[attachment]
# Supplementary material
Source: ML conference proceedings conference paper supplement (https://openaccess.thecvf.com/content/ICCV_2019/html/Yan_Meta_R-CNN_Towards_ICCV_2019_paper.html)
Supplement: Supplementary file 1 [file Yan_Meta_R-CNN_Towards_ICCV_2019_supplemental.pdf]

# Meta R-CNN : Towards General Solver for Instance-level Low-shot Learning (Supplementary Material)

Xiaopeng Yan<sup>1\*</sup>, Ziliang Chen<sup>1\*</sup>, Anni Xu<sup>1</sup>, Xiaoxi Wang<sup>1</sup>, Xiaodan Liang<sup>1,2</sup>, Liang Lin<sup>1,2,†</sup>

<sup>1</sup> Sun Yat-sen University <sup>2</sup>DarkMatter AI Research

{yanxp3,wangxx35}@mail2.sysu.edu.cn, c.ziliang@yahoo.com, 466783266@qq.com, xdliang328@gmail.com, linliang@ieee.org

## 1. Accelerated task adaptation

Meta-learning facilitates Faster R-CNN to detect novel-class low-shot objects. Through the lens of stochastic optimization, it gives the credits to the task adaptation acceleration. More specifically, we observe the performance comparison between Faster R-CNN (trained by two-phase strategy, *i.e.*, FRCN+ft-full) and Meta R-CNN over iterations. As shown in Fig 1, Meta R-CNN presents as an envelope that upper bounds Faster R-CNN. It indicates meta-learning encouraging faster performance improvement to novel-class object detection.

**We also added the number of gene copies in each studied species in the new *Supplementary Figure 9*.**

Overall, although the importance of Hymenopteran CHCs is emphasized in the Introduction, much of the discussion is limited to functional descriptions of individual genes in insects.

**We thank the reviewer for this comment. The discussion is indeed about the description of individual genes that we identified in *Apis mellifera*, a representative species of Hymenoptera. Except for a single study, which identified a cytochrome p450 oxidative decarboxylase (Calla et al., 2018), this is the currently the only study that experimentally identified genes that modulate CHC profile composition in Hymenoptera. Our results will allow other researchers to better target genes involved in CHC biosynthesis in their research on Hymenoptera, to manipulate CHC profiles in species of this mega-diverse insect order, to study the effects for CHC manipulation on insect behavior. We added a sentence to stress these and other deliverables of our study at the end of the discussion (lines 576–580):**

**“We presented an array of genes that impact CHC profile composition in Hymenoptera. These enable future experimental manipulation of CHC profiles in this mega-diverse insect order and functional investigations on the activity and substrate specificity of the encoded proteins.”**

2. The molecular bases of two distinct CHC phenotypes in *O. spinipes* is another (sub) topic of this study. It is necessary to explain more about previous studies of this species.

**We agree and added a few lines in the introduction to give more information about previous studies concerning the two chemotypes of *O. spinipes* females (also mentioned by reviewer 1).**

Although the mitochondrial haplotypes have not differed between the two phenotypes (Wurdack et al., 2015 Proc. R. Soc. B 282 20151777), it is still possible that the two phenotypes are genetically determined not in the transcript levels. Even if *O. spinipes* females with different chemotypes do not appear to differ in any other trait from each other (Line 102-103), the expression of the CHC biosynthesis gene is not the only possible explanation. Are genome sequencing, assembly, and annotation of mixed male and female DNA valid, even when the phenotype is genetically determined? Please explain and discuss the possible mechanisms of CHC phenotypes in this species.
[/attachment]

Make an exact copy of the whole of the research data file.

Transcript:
# Supplementary material
Source: ML conference proceedings conference paper supplement (https://openaccess.thecvf.com/content/ICCV_2019/html/Yan_Meta_R-CNN_Towards_ICCV_2019_paper.html)
Supplement: Supplementary file 1 [file Yan_Meta_R-CNN_Towards_ICCV_2019_supplemental.pdf]

# Meta R-CNN : Towards General Solver for Instance-level Low-shot Learning (Supplementary Material)

Xiaopeng Yan<sup>1\*</sup>, Ziliang Chen<sup>1\*</sup>, Anni Xu<sup>1</sup>, Xiaoxi Wang<sup>1</sup>, Xiaodan Liang<sup>1,2</sup>, Liang Lin<sup>1,2,†</sup>

<sup>1</sup> Sun Yat-sen University <sup>2</sup>DarkMatter AI Research

{yanxp3,wangxx35}@mail2.sysu.edu.cn, c.ziliang@yahoo.com, 466783266@qq.com, xdliang328@gmail.com, linliang@ieee.org

## 1. Accelerated task adaptation

Meta-learning facilitates Faster R-CNN to detect novel-class low-shot objects. Through the lens of stochastic optimization, it gives the credits to the task adaptation acceleration. More specifically, we observe the performance comparison between Faster R-CNN (trained by two-phase strategy, *i.e.*, FRCN+ft-full) and Meta R-CNN over iterations. As shown in Fig 1, Meta R-CNN presents as an envelope that upper bounds Faster R-CNN. It indicates meta-learning encouraging faster performance improvement to novel-class object detection.

**We also added the number of gene copies in each studied species in the new *Supplementary Figure 9*.**

Overall, although the importance of Hymenopteran CHCs is emphasized in the Introduction, much of the discussion is limited to functional descriptions of individual genes in insects.

**We thank the reviewer for this comment. The discussion is indeed about the description of individual genes that we identified in *Apis mellifera*, a representative species of Hymenoptera. Except for a single study, which identified a cytochrome p450 oxidative decarboxylase (Calla et al., 2018), this is the currently the only study that experimentally identified genes that modulate CHC profile composition in Hymenoptera. Our results will allow other researchers to better target genes involved in CHC biosynthesis in their research on Hymenoptera, to manipulate CHC profiles in species of this mega-diverse insect order, to study the effects for CHC manipulation on insect behavior. We added a sentence to stress these and other deliverables of our study at the end of the discussion (lines 576–580):**

**“We presented an array of genes that impact CHC profile composition in Hymenoptera. These enable future experimental manipulation of CHC profiles in this mega-diverse insect order and functional investigations on the activity and substrate specificity of the encoded proteins.”**

2. The molecular bases of two distinct CHC phenotypes in *O. spinipes* is another (sub) topic of this study. It is necessary to explain more about previous studies of this species.

**We agree and added a few lines in the introduction to give more information about previous studies concerning the two chemotypes of *O. spinipes* females (also mentioned by reviewer 1).**

Although the mitochondrial haplotypes have not differed between the two phenotypes (Wurdack et al., 2015 Proc. R. Soc. B 282 20151777), it is still possible that the two phenotypes are genetically determined not in the transcript levels. Even if *O. spinipes* females with different chemotypes do not appear to differ in any other trait from each other (Line 102-103), the expression of the CHC biosynthesis gene is not the only possible explanation. Are genome sequencing, assembly, and annotation of mixed male and female DNA valid, even when the phenotype is genetically determined? Please explain and discuss the possible mechanisms of CHC phenotypes in this species.